The love of horses and racing is a long standing tradition on both sides of the pond, as the Atlantic Ocean is often called when England and her former colonies, our United States, are the subjects.
That love of horse racing, particularly among the Royals, was brought home to Harford County Friday evening. That's when more than 80 people were treated to a talk from British author Hugo Vickers, the biographer of the Royal Family, about the current monarch, Queen Elizabeth II, and her relatives' love of horse racing.
"Horses play a large part in the life of our Royal Family," Vickers said. "On ceremonial occasions they come out in force."
Vickers said the queen's carriage is pulled by the Windsor Greys, although the carriages of her grandson, and eventual heir to the throne, Prince William, his wife, Kate Middleton, and William's brother, Prince Harry, are pulled by brown bay horses.
"There is a simple distinction," Vickers explained. "Gray horses pull the sovereign."
Vickers spoke in a dining room of the Chesapeake Center on Harford Community College's Bel Air campus. His talk and dinner were part of the opening of an exhibit at HCC's Hays-Heighe House that covers the 100th anniversary of the American-born racehorse Durbar II's victory in the 1914 Epsom Derby in England.
The exhibit is titled "The Racehorse, the Royals and the Writer: The Legacy of Herman Duryea."
Maryanna Skowronski, director of the Historical Society of Harford County, is the guest curator of the exhibit.
Guests Friday got a preview of the exhibit, for which the official opening took place from 11 a.m. to 3 p.m. Tuesday.
Theresa Wiseman, a volunteer member of the advisory board of the Hays-Heighe House, introduced Vickers.
She said she has followed Vickers for more than 30 years, since he provided commentary during the wedding of Elizabeth II's son, Prince Charles, and his late first wife, Princess Diana, during the early 1980s.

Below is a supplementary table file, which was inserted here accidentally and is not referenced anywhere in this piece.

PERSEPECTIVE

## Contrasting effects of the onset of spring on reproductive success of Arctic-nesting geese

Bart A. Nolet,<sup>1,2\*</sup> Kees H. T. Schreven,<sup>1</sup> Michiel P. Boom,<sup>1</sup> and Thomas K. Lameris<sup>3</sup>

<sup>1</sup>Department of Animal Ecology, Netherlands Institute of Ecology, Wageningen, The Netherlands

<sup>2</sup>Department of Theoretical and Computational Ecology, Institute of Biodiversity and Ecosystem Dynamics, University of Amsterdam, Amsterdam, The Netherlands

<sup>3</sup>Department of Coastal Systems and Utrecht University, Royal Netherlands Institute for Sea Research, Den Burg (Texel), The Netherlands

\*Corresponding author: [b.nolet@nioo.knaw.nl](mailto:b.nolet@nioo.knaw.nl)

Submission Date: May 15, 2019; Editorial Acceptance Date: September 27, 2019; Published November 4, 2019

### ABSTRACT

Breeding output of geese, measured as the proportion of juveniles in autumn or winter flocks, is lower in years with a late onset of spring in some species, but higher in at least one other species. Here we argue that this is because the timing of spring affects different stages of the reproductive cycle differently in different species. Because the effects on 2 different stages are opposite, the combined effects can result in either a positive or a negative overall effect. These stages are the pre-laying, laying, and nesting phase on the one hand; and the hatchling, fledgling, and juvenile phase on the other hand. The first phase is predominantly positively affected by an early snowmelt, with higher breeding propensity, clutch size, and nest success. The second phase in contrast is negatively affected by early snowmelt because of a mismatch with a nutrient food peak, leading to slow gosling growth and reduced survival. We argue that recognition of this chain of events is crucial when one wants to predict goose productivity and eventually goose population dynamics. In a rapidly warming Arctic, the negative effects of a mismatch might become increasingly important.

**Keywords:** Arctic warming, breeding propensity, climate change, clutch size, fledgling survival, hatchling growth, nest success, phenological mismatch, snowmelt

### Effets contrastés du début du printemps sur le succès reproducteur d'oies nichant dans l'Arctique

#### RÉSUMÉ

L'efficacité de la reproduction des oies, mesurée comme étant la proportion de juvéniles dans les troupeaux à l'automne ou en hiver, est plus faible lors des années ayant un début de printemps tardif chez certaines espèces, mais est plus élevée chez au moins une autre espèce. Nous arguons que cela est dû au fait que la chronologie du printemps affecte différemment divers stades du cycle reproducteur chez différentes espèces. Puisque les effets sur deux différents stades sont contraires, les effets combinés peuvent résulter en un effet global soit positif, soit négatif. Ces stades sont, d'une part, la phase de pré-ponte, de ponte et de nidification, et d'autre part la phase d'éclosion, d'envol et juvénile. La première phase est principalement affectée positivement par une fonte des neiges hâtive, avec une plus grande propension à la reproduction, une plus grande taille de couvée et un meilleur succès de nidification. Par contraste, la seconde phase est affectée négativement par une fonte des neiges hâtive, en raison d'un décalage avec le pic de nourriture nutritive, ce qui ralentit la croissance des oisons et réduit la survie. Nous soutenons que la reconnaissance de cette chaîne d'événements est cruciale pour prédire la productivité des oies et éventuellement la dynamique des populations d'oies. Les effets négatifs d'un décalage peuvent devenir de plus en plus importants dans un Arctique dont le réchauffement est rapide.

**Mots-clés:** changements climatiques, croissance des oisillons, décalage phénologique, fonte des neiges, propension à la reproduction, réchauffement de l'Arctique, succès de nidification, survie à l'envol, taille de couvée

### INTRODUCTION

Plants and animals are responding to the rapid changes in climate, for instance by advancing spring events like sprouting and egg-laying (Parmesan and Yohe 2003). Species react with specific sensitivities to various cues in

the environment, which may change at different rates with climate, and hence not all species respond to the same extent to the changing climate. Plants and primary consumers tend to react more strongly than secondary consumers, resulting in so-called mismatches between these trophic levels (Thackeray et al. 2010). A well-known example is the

"Mr. Vickers will be talking about two of my favorite topics, the Royal Family and horse racing, so ladies and gentlemen, you are in for a treat," Wiseman said.
Durbar II was owned by Herman Duryea, who was the uncle of Robert Heighe; he and his wife, Anne, owned Prospect Hill Farm, which became the community college campus during the early 1960s.
Durbar lived at the farm, and he is buried on the property, although it is unknown exactly where. His portrait hangs in the Hays-Heighe House.
Durbar won the Epsom Derby in late May 1914, about a month before the June 28 assassination of Austro-Hungarian Archduke Franz Ferdinand, the event that set World War I in motion.
Vickers spoke about the atmosphere around the Epsom Derby during the years leading to World War I, including the interruption of a race by a suffragette firing a starter's pistol at a police officer.
Suffragettes worked to obtain the right for women to vote during the early 20th Century, and their work in Britain and the U.S. is a large part of the exhibit on Durbar II.
Vickers also spoke at length about Queen Elizabeth II's love of horses and horse racing, and he noted that she pretended to be a horse as a child, or she pretended her grandfather, King George V, was a horse, and she would pull him by his beard.
"As a person she really asks very little for herself, and her only extravagance I would say, if such it could deem to be extravagant, is her racing," Vickers said of the queen, who owns racehorses and has one of the top international stables.
Elizabeth II, now 88 years old, became queen in February of 1952; she has reigned for almost 63 years, and in 2015, she will become the longest-reigning British monarch, Vickers said.
She will be succeeded by Prince Charles, father of Prince William and Prince Harry.
"We are living at the tail end of a golden age, and we should enjoy every minute of it," Vickers said "We are very, very lucky to have her."
He added: "I feel it has been one of the greatest happinesses of my life that she's been my queen all this time, so long may she continue."
Harford student Jamie Colopietro, who is an intern at the Hays-Heighe House and is studying British history, said she enjoyed Vickers' presentation.
"It was really amazing," she said.
Friday's dinner was also a fundraiser for the Hays-Heighe House.
The stone farmhouse on the college campus dates to 1808 and was built by Archer and Hanna Hays; the Heighes purchased it in 1921, according to a history posted on the HCC website. The house was restored seven years ago.
"You really are supporting what we're able to do in the Hays-Heighe House," HCC President Dennis Golladay told the audience before dinner.
The house is used today to "showcase the social and cultural history of Harford County" through various exhibits and events, said Carol Allen, the college's library director; she also oversees the Hays-Heighe House.
Allen said Monday that about 82 people attended the dinner and talk by Vickers for which tickets were $75.
"We were well pleased with the [ticket] sales, given that it was the first time that the Hays-Heighe house has undertaken a fundraiser," Allen said.